Last summer saw a series of serious recalls, which left consumers concerned and experts scrambling to determine where the source was coming from.
There were three separate recalls that were linked back to romaine lettuce last year. At one point, the CDC and FDA urged consumers to avoid the vegetable regardless of where it was produced. Eventually, officials linked the contamination to an irrigation canal that was located too close to a feedlot in Arizona. However, that doesn't explain how lettuce in California was compromised nearly six months later.
A research team determined that along with feedlot dust blowing in the wind and surface irrigation water flowing adjacent to feedlots, flies could also transfer E. coli from animal operations to produce fields.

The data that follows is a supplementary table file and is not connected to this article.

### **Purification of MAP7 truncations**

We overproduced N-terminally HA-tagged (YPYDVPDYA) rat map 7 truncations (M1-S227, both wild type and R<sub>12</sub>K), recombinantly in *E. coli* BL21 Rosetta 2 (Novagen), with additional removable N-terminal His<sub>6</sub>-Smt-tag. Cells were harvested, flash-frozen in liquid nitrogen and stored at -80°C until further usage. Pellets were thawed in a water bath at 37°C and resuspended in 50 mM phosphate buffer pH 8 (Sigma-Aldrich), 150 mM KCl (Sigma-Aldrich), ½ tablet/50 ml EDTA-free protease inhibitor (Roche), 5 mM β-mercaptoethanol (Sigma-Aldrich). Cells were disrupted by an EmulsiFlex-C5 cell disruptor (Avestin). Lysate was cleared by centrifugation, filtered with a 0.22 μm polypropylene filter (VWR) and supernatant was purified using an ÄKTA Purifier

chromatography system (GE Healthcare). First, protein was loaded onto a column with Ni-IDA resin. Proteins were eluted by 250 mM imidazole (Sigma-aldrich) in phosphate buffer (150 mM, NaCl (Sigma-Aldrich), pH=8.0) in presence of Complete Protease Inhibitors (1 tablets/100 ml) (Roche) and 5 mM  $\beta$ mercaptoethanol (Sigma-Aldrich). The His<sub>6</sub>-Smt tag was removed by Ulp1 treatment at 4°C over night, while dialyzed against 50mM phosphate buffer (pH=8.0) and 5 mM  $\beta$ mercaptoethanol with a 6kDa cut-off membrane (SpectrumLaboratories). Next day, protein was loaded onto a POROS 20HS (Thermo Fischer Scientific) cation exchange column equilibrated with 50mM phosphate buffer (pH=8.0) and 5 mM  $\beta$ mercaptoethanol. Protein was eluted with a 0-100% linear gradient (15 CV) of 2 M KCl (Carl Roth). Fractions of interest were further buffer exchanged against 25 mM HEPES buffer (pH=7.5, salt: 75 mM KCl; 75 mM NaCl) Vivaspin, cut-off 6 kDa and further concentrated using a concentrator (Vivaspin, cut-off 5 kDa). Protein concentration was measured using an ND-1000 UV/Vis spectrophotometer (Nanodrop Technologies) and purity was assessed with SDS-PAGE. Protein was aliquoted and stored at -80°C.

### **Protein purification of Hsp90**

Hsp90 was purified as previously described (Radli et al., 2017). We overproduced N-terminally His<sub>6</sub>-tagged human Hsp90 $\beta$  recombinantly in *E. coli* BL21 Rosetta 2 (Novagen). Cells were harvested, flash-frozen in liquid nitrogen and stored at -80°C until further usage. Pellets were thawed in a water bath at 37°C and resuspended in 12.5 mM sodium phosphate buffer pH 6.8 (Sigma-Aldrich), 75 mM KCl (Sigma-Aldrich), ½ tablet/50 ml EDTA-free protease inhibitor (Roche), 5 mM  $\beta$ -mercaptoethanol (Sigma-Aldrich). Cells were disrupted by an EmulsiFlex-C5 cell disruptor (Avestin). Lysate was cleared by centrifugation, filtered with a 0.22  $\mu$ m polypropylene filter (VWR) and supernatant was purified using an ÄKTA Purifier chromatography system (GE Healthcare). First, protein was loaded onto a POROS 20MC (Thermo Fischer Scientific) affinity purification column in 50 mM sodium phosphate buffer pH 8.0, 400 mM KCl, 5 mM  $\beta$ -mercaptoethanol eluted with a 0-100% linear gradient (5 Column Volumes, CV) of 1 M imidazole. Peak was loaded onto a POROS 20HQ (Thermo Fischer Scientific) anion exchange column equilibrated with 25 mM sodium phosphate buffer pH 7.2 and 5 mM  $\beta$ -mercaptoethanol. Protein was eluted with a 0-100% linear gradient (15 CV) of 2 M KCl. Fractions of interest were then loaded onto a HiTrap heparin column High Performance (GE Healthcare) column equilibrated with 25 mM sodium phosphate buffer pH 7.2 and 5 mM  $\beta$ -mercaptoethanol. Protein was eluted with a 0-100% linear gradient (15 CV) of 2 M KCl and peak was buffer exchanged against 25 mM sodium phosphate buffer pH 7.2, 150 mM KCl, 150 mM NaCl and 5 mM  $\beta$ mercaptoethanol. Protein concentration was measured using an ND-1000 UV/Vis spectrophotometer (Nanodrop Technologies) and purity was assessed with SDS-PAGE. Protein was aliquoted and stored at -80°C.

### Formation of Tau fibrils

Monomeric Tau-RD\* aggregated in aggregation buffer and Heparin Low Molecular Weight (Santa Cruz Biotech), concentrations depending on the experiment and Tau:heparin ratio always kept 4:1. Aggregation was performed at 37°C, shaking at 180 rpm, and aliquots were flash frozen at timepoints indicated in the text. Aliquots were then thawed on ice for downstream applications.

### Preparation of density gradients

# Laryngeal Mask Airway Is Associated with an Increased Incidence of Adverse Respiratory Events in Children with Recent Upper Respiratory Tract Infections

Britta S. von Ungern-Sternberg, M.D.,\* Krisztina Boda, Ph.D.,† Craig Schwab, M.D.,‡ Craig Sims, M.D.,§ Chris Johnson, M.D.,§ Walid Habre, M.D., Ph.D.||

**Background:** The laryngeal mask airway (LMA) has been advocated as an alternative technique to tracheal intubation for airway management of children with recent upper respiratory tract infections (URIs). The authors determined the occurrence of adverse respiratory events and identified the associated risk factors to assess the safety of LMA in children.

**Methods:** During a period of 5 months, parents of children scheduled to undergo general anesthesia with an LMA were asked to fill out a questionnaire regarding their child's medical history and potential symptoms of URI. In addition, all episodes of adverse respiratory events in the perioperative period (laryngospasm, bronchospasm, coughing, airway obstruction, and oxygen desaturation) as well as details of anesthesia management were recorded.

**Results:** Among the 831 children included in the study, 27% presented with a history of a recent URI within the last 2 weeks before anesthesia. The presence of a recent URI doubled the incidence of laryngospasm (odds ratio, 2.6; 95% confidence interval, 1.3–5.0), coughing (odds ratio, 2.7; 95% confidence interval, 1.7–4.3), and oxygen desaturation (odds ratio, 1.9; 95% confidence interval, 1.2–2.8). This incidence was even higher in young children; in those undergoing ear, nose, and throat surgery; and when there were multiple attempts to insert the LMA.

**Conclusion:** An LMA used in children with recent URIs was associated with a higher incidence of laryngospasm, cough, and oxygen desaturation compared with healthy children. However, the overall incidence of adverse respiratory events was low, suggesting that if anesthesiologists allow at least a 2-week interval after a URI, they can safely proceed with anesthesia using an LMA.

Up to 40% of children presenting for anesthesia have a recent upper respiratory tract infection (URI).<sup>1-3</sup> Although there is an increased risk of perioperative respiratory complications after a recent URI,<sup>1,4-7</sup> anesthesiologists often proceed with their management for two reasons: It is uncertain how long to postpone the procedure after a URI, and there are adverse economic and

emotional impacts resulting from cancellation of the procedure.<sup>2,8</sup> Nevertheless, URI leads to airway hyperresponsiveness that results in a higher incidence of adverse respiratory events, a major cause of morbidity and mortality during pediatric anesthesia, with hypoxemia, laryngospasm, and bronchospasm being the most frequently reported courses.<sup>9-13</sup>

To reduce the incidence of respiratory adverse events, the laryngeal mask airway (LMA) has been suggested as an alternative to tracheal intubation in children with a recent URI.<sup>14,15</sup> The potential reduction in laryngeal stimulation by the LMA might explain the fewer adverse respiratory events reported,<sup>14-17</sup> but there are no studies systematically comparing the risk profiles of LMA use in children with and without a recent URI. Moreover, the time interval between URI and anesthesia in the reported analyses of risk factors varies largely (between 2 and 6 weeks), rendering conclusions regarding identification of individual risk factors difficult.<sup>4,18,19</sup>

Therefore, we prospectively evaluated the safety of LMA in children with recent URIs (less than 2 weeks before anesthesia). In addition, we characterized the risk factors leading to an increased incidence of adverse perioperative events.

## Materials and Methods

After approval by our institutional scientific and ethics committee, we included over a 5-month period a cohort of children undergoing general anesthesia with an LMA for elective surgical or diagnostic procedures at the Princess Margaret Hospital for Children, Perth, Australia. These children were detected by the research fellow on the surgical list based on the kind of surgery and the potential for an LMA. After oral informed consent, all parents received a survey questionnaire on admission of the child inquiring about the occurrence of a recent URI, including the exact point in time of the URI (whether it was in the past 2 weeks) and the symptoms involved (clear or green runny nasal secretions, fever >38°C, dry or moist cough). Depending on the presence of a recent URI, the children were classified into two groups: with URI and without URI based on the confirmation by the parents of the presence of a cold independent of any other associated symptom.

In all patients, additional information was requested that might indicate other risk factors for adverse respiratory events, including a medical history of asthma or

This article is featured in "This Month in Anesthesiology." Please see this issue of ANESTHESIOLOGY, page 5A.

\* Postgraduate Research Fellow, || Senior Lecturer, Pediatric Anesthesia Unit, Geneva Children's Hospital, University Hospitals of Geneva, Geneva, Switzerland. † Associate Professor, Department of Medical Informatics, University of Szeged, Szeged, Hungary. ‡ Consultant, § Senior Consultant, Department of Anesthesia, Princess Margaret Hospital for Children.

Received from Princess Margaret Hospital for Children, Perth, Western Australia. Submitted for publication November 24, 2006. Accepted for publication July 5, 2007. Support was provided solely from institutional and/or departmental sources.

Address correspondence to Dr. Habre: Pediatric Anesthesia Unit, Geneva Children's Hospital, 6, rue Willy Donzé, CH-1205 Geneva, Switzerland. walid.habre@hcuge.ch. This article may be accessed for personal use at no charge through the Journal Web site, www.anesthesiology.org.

“Most fly isolates were the same predominant pulsed-field gel electrophoresis types found in feedlot surface manure and leafy greens, suggesting a possible role for flies in transmitting E. coli O157:H7 to the leafy greens,” according to the research abstract.
The report, "Occurrence of Escherichia coli O157:H7 in Pest Flies Captured in Leafy Greens Plots Grown Near a Beef Cattle Feedlot," will be published in the Journal of Food Protection this month.
The research team determined the occurrence of E. coli O157:H7 in flies collected in leafy green fields that were up to 180 meters from a cattle feedlot. The risk is present at the same level for four of the five capture fly species: house, face, flesh and blow flies. Meanwhile, stable flies had lower levels of E. coli. However, the team discovered the carriage rates for the pathogen were as strong at 180 meters from the feedlot as they were at zero meters.